Kyvig, D.E. Review of American Women and the Repeal of Prohibition. Am Hist Rev, 1997, 102(2), 538.

Leeman, R.W. Explicating the Rhetoric of Prohibition and Repeal. Thesis. U. Maryland, 1982.

Munger, M., and Schaller, T.. The Prohibition-Repeal amendments. Pub. Choice, 1997, 90(1-4), 139-163.

Roizen, R. Redefining alcohol in post-repeal America. Contemp Drug Prob, 1991,75, 237-272. (pp. 245-246)

Schaller, T. Institutional Design, Institutional Choice, and the Case of Prohibition-Repeal. Thesis. Yale U., 1997.

Shellenberger, K. Prohibition in Pennsylvania from Ratification to Repeal. Thesis. Millersville State College, 1974.

Stegh, L. Wet and Dry Battles in the Cradle State of Prohibition: Robert J. Bulkley and the Repeal of Prohibition in Ohio. Thesis. U. Cincinnati, 1981.

Weise, C. The Political Economy of Prohibition and Repeal. Thesis. Auburn U., 1998.


Cannon, J. Prohibition Repeal Unthinkable. Washington, DC: GPO, 1928.

Cherrington, E. The Fight against Alcoholism in the United States Since the Repeal of Prohibition. Washington, DC: Board of Temperance, Prohibition and Public Morality of the Methodist Episcopal Church, 1937.

Childs, R. Making Repeal Work. Philadelphia: Pennsylvania Alcoholic Beverage Study, 1947.

Comm Judiciary. U.S. House of Representatives. Repeal of Prohibition on Federal Employees Contracting or Trading with Indians. Washington: GPO, 1996.

Comm Judiciary. Modification or Repeal of National Prohibition. Hearings. Washington: GPO, 1932.

Dickinson, E. The effect of prohibition repeal upon the liquor treaties. Am J Internat Law, 1934, 28, 101-104.

Gillett, R., and Holmes, J. Repeal of the Prohibition Amendment. NY: Wilson, 1923.

Harrison, L. and Laine, E. After Repeal. NY: Harper, 1936.

Leg Ref Serv. Intoxicating Liquors. State Prohibition after Repeal of the 18th Amendment. Washington: The Serv, 1933.

Patch, B. Preparations for Prohibition Repeal. Washington: Ed Res Report, 1933.

Pickett, D. Then and Now: The Truth about Prohibition and Repeal. Columbus, OH: Sch Coll Serv, 1952.

Pollard, J. The Road to Repeal. NY: Brentano’s, 1932.

Prohibition vs. Repeal Literature. Five Current Aspects of Repeal. Washington: The Literature, 1936.

Repeal Associates. Review of Repeal. Washington: Repeal Associates, 1936-1965.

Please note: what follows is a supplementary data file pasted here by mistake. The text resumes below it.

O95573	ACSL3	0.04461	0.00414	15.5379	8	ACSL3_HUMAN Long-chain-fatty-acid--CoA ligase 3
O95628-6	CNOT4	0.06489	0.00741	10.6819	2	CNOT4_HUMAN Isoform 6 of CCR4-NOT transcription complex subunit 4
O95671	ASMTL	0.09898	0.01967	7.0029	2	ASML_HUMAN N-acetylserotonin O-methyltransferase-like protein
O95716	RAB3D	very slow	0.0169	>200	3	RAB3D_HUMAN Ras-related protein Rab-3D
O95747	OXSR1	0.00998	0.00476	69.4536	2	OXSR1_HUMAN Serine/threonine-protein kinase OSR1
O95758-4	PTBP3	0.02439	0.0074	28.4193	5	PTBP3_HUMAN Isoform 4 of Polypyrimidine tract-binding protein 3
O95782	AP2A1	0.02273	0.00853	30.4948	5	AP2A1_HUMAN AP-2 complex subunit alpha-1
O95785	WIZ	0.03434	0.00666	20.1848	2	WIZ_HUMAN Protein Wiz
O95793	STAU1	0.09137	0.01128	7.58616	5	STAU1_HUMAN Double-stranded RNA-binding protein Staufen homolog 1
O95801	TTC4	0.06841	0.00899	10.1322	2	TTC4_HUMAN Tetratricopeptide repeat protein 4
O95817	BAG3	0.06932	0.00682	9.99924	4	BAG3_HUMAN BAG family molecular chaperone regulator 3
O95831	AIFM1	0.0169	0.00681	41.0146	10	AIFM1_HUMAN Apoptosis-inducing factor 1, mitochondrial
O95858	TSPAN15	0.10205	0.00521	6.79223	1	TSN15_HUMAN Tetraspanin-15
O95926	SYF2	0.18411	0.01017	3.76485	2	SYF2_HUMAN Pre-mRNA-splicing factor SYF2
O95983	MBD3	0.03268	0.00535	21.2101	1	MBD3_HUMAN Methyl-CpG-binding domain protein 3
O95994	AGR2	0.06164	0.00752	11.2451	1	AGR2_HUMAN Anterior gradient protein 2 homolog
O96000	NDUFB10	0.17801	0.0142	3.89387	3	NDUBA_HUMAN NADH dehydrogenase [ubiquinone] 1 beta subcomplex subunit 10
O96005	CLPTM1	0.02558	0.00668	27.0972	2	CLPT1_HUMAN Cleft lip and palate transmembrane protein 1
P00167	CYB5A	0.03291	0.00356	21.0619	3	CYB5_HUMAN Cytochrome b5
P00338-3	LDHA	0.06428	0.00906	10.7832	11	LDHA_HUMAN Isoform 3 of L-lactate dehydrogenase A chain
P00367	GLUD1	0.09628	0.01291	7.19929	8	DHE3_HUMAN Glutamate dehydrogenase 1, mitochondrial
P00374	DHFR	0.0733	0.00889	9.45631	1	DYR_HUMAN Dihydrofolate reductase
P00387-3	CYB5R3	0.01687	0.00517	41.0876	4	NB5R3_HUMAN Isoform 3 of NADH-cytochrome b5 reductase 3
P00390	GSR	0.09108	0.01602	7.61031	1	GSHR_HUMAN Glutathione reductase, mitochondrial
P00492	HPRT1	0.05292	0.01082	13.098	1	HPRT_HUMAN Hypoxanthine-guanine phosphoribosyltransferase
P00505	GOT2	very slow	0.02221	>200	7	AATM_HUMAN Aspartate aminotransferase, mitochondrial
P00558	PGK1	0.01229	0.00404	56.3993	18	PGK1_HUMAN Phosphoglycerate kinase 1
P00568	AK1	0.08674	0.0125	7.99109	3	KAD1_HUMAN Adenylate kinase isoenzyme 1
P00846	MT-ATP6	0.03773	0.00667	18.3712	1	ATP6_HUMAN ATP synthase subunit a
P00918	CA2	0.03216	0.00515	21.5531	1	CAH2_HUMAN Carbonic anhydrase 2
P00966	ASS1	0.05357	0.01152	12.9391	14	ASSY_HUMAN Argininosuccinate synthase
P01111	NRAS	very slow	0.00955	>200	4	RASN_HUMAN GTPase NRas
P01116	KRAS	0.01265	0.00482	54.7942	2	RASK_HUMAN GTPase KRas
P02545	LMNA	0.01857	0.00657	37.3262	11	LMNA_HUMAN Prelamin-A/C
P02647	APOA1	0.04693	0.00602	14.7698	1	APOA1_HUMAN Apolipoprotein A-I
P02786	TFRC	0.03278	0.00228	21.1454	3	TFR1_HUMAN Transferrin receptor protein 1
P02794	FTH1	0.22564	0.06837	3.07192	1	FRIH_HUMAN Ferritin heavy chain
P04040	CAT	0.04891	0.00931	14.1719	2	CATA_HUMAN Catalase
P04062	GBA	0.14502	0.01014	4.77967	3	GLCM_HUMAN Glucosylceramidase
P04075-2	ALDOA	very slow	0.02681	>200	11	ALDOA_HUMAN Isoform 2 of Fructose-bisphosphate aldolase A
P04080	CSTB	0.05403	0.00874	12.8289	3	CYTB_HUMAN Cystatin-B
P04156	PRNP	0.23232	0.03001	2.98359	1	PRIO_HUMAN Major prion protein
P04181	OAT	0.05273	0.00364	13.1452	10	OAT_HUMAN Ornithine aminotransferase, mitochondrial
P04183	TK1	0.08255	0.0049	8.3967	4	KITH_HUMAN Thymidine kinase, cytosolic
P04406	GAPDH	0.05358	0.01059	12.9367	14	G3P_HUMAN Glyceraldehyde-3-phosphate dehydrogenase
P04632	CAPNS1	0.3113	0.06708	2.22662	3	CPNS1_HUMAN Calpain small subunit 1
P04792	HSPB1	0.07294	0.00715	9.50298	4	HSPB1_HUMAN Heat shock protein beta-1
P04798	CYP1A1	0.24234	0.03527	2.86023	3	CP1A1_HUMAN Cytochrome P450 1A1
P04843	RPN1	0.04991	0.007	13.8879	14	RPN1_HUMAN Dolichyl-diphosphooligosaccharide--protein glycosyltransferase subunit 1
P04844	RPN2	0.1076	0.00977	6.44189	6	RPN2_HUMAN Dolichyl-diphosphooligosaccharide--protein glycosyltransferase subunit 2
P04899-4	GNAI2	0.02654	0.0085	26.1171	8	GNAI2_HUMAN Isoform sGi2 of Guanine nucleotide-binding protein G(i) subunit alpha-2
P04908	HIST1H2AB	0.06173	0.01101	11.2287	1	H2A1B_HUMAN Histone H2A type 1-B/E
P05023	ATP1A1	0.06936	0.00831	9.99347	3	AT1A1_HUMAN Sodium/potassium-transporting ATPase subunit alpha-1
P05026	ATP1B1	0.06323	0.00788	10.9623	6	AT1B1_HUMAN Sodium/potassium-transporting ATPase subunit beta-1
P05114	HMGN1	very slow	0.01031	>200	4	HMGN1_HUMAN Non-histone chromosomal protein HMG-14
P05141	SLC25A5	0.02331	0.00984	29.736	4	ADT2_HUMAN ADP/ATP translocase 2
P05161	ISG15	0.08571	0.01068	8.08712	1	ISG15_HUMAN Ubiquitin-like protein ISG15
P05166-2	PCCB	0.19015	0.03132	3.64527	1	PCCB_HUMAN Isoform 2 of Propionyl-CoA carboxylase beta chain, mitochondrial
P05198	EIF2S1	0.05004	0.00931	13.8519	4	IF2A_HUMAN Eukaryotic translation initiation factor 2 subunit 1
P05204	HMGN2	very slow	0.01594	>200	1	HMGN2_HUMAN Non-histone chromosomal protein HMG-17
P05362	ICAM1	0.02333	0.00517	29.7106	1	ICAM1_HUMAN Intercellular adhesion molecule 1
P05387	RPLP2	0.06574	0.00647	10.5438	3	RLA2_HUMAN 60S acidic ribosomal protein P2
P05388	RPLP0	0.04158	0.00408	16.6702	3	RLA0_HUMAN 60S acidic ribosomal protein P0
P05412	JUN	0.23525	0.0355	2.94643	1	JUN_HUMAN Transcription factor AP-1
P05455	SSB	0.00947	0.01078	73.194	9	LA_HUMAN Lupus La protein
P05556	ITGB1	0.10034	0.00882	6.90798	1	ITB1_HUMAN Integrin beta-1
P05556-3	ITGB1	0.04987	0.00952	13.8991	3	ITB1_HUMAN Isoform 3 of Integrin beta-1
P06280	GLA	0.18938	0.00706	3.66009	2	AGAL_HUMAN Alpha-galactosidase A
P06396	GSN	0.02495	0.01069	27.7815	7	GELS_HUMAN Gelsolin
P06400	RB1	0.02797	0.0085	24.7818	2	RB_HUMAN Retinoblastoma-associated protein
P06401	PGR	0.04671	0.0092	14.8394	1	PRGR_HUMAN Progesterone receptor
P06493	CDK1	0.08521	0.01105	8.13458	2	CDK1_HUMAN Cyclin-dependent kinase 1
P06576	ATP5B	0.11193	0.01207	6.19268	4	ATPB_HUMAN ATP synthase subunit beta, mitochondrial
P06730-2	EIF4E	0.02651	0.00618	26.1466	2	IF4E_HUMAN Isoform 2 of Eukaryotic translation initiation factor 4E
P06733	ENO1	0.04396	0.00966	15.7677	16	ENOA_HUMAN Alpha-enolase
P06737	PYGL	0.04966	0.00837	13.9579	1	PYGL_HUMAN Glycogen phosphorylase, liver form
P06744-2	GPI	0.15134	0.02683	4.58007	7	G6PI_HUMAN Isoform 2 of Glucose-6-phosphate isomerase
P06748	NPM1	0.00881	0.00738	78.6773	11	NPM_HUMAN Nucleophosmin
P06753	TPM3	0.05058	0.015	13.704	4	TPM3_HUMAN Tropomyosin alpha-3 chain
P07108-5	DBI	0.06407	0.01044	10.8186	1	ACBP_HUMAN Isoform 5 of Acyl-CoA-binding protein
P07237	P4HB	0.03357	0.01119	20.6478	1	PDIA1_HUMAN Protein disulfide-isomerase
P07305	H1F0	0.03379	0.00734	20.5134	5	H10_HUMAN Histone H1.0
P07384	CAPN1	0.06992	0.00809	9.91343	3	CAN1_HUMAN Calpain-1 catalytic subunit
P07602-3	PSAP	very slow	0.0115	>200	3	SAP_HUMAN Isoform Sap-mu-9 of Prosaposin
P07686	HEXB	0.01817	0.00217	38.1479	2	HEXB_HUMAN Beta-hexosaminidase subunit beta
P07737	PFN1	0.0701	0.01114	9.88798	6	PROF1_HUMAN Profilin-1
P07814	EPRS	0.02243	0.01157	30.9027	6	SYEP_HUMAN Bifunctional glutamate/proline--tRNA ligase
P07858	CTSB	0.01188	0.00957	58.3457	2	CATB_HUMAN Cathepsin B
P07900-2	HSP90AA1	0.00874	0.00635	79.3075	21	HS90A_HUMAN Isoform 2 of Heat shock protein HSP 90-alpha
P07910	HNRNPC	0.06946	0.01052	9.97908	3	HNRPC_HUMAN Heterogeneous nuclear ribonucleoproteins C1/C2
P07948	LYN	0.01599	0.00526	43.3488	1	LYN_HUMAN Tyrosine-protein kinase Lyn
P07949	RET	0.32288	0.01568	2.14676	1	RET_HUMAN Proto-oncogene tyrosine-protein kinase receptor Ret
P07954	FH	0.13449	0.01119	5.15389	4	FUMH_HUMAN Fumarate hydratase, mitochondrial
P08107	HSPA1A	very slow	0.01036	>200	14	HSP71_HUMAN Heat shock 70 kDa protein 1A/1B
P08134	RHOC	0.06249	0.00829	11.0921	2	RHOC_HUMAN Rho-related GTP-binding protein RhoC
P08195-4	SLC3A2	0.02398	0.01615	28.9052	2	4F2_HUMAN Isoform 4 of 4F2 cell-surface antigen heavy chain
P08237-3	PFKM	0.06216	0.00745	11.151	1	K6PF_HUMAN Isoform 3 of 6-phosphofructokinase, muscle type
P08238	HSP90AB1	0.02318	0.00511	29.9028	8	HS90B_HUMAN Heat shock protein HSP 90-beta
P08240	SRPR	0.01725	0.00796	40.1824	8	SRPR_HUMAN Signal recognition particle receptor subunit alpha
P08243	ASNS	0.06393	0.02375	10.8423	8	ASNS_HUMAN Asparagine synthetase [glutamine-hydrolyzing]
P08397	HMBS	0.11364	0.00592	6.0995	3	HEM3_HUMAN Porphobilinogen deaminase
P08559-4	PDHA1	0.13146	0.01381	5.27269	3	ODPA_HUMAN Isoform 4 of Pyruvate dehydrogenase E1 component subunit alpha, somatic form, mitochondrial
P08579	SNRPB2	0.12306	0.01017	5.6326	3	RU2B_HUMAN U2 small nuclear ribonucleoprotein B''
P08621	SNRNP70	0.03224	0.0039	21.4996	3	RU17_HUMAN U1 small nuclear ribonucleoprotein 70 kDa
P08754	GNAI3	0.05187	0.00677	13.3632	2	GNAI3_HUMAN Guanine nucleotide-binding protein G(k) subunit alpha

Shouse, J. The Status of Prohibition Repeal. Washington: Association Against the Prohibition Amendment, 1933.

Tietsort, F. Temperance – or Prohibition? NY: American, 1929.

1. Aaron, P., and Musto, D. Temperance and Prohibition in America. In: Moore, M., and Gerstein, D. (Eds.) Alcohol and Public Policy. Washington, DC: National Academy Press, 1981. pp. 127-181. (p.157)
2. Asbury, H. The Great Illusion. NY: Greenwood, 1968, pp. 144-145.
3. Anti-Saloon League of America Yearbook. Westerville OH: American Issue Press, 1920, p. 28.
4. Merz, C. The Dry Decade. Seattle: U. Washington Press, 1969, p. ix.
5. Kyvig, D. Repealing National Prohibition. Chicago: U. Chicago Press, 1979.
6. Prendergast, M. A History of Alcohol Problem Prevention Efforts. In: Holder, H. (Ed.) Control Issues on Alcohol Abuse Prevention. Greenwich, CT: JAI, 1987. pp. 25-52. (p. 44). Kyvig, id, p. 96.
7. Kyvig, id, p. 152.
8. Yenne, B., and Debolski, T. The Ultimate Book of Beer Trivia. San Mateo, CA: Bluewood, 1994, pp. 103-104
9. Kyvig, ibid.
10. Kyvig, bid.
11.  Kyvig, ibid.
12. Ducas, D. In miniature: Mrs. Charles S. Sabin, lady into tiger, McCall’s, September, 1930. Sabin, P.M. I change my mind on Prohibition, Outlook, June 13, 1928. Sabin, P.M. Women’s revolt against Prohibition, Rev of Reviews, Nov, 1929, 80, 86-88. Sabin, P.M. Why American mothers demand repeal, Liberty, Sept 10, 1932, 12-14.
13. Childs, R. Making Repeal Work. Philadelphia: Pennsylvania Alcoholic Beverage Study, Inc., 1947, pp. 260-261.
14. Furnas, J. The Life and Times of the Late Demon Rum. NY: Putnam’s Sons, 1965, p. 337.
15. Blocker, J. Retreat from Reform. Westport, CT: Greenwood, 1976, p. 242.
16. Mendelson, J., and Mello, N. Alcohol: Use and Abuse in America. Boston: Little, Brown, 1985, p. 94.